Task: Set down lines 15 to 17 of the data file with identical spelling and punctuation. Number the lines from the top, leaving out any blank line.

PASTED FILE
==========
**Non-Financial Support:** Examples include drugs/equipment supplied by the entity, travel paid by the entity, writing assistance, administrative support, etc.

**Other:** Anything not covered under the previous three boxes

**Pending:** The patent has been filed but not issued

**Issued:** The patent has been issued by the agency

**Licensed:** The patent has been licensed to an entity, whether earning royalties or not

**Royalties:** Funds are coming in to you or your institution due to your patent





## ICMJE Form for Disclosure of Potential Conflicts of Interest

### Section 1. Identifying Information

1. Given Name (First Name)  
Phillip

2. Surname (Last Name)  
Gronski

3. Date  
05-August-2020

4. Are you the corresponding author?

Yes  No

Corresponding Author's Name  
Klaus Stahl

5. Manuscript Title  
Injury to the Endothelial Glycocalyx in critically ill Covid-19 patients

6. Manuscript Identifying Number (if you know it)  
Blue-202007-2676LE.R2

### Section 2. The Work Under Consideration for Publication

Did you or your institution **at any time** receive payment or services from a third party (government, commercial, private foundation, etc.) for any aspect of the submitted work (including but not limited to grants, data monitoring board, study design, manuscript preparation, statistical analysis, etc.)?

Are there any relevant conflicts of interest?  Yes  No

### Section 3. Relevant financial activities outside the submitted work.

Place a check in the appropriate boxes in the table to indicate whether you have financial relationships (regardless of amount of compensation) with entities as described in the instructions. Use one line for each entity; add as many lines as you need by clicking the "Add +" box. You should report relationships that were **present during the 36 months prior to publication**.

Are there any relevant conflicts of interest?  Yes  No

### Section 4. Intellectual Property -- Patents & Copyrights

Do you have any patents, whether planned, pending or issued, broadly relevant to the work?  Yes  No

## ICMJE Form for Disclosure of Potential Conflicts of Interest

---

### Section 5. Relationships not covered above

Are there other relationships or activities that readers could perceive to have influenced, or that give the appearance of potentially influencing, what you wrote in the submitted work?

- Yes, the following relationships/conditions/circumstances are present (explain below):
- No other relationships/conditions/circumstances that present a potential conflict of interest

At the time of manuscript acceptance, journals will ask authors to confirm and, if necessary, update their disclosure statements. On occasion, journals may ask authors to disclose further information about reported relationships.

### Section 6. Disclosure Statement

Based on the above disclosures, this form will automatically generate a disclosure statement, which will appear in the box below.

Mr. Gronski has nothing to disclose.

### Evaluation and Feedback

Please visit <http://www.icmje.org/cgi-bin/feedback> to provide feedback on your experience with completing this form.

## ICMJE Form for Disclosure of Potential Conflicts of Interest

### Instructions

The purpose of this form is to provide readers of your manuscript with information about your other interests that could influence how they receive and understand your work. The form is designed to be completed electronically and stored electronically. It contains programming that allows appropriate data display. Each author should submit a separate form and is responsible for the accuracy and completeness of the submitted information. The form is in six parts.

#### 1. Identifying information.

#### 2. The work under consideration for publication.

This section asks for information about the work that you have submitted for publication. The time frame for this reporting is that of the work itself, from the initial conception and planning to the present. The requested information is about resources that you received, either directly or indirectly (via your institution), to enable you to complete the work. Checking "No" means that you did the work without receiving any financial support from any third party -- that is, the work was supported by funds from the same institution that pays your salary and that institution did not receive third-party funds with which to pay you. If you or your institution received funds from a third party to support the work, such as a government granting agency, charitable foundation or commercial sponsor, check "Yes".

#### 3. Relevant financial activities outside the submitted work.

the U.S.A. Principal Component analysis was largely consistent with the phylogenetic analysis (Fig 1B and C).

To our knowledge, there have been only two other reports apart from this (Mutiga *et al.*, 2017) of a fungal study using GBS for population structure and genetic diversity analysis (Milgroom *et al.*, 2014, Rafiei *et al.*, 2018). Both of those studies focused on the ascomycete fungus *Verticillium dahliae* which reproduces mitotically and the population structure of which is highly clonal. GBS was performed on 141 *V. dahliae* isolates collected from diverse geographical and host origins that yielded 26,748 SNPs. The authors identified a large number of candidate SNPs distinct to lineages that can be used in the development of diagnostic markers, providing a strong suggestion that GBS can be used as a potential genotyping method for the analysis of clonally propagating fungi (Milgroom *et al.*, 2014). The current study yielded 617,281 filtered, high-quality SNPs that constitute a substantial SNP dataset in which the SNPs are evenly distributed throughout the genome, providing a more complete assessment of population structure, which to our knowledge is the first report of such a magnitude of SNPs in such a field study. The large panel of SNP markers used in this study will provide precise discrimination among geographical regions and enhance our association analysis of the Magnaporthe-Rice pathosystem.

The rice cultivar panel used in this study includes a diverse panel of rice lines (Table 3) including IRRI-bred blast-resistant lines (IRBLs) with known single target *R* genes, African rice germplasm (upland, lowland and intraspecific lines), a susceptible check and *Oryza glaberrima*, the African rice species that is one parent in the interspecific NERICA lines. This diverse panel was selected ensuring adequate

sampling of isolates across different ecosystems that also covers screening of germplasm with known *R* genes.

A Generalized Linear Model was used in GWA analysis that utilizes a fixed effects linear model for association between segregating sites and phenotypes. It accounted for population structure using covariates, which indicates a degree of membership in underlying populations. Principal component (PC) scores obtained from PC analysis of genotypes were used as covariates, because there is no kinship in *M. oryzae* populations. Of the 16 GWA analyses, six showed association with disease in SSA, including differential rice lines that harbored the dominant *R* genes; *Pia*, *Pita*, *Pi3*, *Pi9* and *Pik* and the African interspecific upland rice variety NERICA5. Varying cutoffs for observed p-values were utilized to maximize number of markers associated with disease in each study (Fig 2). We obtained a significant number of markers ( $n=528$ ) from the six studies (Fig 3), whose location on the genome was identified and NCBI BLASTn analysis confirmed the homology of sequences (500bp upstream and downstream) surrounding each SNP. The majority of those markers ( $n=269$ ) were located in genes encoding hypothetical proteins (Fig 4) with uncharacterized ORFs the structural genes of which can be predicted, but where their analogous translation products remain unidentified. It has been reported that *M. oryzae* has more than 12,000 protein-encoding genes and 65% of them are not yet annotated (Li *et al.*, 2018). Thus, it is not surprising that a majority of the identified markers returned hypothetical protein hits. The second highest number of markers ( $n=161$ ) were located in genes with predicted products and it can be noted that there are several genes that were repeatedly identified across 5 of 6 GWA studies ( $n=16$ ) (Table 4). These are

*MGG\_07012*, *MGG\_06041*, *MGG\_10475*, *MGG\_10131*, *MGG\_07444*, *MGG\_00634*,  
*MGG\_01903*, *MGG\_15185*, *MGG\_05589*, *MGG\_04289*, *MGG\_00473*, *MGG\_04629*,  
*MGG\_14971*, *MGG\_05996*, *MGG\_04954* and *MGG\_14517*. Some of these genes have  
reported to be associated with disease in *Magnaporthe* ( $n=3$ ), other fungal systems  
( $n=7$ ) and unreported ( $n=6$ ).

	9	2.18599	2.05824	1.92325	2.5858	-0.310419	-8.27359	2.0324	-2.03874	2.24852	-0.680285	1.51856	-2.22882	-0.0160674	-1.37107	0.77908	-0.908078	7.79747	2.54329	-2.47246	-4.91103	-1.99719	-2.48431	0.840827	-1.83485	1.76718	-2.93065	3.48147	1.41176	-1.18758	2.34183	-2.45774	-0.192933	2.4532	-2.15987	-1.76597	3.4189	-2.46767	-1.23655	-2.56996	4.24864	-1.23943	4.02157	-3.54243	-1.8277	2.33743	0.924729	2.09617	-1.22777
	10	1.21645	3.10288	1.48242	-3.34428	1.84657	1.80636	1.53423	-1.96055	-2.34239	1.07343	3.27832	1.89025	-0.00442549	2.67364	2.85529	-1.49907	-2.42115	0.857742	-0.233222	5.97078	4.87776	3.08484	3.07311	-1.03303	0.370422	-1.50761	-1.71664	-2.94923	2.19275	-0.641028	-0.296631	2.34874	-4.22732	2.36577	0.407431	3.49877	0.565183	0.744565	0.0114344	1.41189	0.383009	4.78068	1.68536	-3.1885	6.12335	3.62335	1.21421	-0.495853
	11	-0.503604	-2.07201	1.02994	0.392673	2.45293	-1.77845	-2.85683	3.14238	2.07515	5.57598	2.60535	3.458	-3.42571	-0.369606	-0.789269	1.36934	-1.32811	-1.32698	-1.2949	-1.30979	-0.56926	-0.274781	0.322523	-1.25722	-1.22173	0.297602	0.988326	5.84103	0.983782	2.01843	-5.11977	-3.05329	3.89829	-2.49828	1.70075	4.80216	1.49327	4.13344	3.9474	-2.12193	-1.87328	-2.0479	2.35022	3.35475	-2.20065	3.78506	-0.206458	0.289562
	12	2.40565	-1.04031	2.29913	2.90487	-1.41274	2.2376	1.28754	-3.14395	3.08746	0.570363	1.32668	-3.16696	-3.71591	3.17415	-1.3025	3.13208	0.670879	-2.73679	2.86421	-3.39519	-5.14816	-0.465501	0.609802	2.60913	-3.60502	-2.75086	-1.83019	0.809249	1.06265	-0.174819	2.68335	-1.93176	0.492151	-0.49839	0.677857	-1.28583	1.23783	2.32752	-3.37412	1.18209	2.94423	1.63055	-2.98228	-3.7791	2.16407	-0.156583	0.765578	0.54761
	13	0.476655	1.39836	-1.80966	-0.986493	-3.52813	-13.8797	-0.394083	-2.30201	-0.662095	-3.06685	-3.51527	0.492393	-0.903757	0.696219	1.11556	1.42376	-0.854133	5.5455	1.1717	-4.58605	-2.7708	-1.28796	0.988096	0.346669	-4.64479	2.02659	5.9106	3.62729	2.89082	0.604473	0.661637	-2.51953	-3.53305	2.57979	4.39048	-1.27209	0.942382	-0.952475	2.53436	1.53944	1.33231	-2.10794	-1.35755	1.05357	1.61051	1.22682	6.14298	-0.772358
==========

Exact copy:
4. Are you the corresponding author?

Yes  No

Corresponding Author's Name  